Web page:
Top 3 Blood Tests Almost Everyone Should Request
One of my favorite activities in my practice is helping explain the deeper meanings of blood test results. I love being able to explain what may have caused an abnormal reading and to show connections between abnormal readings in different body systems. While doing this, I’m often surprised that blood tests I consider “standard” are frequently not ordered. What I find more surprising is how shocked people are when I tell them they should request specific blood work. We seem to forget that our doctor is our customer and that he or she needs to listen to our requests. If you wish to have specific blood tests done, please ask your doctor to order it. There may be times s/he may resist due to concerns insurance won’t pay for it, but most docs will listen to your desires and order it. If you have a doc that refuses to listen to your concerns, perhaps you should consider finding a different practitioner.
Please note this post only mentions the top three blood tests I feel are most often overlooked. There are a multitude of blood, urine and stool tests that may be beneficial to helping predict or identify a health issue. Please work with your practitioner as a team to determine which tests will be best for you.
Although I identify these tests as being good for people carrying a bit of extra weight, it can be helpful to request these tests as part of a yearly physical in order to establish a baseline and spot early changes. Anyone who has health issues, is overweight or has had trouble losing weight, or has unexplained fatigue, headaches, etc. should always request the following blood tests:
- Insulin: Most doctors order a blood glucose level, and some may order a Hemoglobin A1C which provides an “average” of blood sugars over a period of about three months. However, I rarely see insulin levels ordered by anyone other than a holistic MD. Fasting insulin level shows how much insulin your body is producing. High insulin levels are an indicator the body has developed insulin resistance, which may lead to Type 2 diabetes. This test is important to request because people with pre-diabetic conditions or with Metabolic Syndrome may have fasting blood glucose levels that are normal, but often have high insulin levels. Most labs identify levels of around 5-17 as “normal.” I like to see levels below 8-10. If someone has levels above 8, I typically start a revised eating plan with appropriate supplements if necessary.
- Full Thyroid Panel: When thyroid disorders are suspected, many doctors order a Thyroid Stimulating Hormone (TSH) test, but do not order tests to measure the specific levels of thyroid hormones in the blood. The TSH test measures the amount of TSH hormone being secreted by the pituitary gland. The thought is that you can measure the health of the thyroid gland by measuring whether or not the body is trying to increase or decrease its function. In my perspective, this is somewhat similar to checking the oil level in a car that’s overheating instead of actually measuring the fluid level in the radiator. I believe there is value in the TSH test, but only when combined with tests that measure the actual amount of thyroid hormones in the blood stream. Two of the most commonly run tests to measure thyroid hormone levels are Free T3 and Free T4. (Those are two of the most important hormones secreted by the thyroid gland.) If thyroid issues are suspected, PLEASE insist your doctor order the Free T3 and Free T4. I know from personal experience that many docs are unwilling to order these tests. The true health of your thyroid gland cannot be adequately assessed without them. It can also be helpful to request an Antithyroglobulin test to determine if thyroid issues are caused by an autoimmune condition. I share a bit more detailed information in a prior post, Thyroid Hormones & Bone Marrow Biopsies: http://bit.ly/qMtbGs. Please visit Stop the Thyroid Madness for in-depth information about thyroid issues and recommended blood work.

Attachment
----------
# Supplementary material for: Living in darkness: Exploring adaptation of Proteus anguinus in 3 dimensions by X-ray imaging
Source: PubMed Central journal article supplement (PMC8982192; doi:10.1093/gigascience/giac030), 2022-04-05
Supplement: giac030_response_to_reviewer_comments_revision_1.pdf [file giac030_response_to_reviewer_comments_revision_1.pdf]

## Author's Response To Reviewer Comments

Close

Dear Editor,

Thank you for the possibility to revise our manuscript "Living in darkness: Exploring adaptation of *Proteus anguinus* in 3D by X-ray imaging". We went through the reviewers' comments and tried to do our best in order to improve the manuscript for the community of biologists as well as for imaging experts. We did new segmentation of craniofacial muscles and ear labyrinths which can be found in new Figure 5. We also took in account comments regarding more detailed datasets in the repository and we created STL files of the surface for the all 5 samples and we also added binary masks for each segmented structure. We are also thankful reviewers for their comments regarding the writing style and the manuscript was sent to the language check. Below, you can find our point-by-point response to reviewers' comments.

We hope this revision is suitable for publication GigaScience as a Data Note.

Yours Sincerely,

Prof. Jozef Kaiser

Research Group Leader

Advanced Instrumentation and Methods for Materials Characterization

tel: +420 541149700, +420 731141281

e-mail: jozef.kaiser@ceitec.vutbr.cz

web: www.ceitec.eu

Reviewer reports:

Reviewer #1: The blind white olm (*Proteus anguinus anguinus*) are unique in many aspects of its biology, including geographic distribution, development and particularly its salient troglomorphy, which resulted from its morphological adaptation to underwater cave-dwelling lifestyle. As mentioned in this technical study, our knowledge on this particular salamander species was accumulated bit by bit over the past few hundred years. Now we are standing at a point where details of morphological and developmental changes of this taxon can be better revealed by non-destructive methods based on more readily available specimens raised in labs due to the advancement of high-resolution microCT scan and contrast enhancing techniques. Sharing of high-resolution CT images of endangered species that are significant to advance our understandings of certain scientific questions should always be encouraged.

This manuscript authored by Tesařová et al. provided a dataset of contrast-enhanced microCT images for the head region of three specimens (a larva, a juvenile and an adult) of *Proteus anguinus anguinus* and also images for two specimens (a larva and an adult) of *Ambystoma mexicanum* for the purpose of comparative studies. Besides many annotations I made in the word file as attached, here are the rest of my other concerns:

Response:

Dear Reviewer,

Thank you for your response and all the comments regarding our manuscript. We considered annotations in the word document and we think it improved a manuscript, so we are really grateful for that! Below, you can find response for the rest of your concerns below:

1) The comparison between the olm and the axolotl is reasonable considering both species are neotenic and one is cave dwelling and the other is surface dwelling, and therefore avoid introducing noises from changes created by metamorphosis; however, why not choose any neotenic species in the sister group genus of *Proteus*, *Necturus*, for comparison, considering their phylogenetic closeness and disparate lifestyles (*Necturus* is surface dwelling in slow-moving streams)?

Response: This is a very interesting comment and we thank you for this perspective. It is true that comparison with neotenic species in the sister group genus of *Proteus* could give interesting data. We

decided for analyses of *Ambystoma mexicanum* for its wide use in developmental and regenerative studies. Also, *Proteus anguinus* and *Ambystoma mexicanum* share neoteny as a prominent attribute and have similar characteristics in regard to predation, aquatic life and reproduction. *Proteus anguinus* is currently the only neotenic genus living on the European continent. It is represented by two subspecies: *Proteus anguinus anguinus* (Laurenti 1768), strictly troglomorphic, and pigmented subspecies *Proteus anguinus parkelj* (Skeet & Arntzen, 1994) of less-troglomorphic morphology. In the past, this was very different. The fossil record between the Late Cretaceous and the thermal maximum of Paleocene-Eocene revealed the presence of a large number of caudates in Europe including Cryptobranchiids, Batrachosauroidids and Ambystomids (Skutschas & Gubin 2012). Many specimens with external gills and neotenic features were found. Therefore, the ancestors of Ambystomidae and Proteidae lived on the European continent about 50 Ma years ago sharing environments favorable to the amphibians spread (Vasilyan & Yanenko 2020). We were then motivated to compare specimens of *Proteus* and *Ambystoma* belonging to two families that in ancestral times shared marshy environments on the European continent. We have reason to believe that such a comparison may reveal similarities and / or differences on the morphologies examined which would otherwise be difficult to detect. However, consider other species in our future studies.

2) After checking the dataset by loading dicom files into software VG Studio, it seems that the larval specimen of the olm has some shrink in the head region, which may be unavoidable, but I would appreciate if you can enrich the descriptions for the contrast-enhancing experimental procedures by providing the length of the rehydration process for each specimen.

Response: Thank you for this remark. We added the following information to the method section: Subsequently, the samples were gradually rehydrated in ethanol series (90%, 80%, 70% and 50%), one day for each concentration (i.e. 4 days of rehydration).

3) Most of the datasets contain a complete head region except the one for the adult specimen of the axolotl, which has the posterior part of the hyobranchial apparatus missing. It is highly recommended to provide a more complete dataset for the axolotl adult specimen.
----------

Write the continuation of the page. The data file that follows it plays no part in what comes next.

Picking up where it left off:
- High-Sensitivity C-Reactive Protein (hs-CRP): I am pleased that many more doctors are ordering a hs-CRP test for their patients. C-Reactive Protein is a protein produced by the liver in response to inflammation. A regular CRP test may be done after surgery or during various treatments to evaluate the level of inflammation in the body. The High-Sensitivity CRP is currently used as a possible predictor of potential heart disease. The hs-CRP can detect lower levels of inflammation. It is thought these levels often result from inflammation in the tiny blood vessels and other tissues in the heart. Although elevated hs-CRP levels do not guarantee heart disease, studies have found a definite connection between elevated hs-CRP levels and heart disease. I typically begin addressing cardiovascular issues when I see an elevated hs-CRP level. The CDC identifies levels below 1.0 as indicating low risk level; 1.0-3.0 as indicating a normal risk level; and levels above 3.0 as being high risk. These levels are obviously more of a concern when extremely high levels of triglycerides and/or cholesterol are present.
I can often tell quite a bit about a person’s health from abnormal results in these tests, especially when combined with other blood work. These tests obviously all need to be used in conjunction with other blood tests and other assessment techniques.
My other encouragement related to blood work in general is to not become concerned by abnormal blood work before discussing it with your practitioner. There are many reasons for abnormal levels in some of the more general tests, so please do not jump to conclusions and assume the worst before discussing the results with someone who knows how to interpret them.
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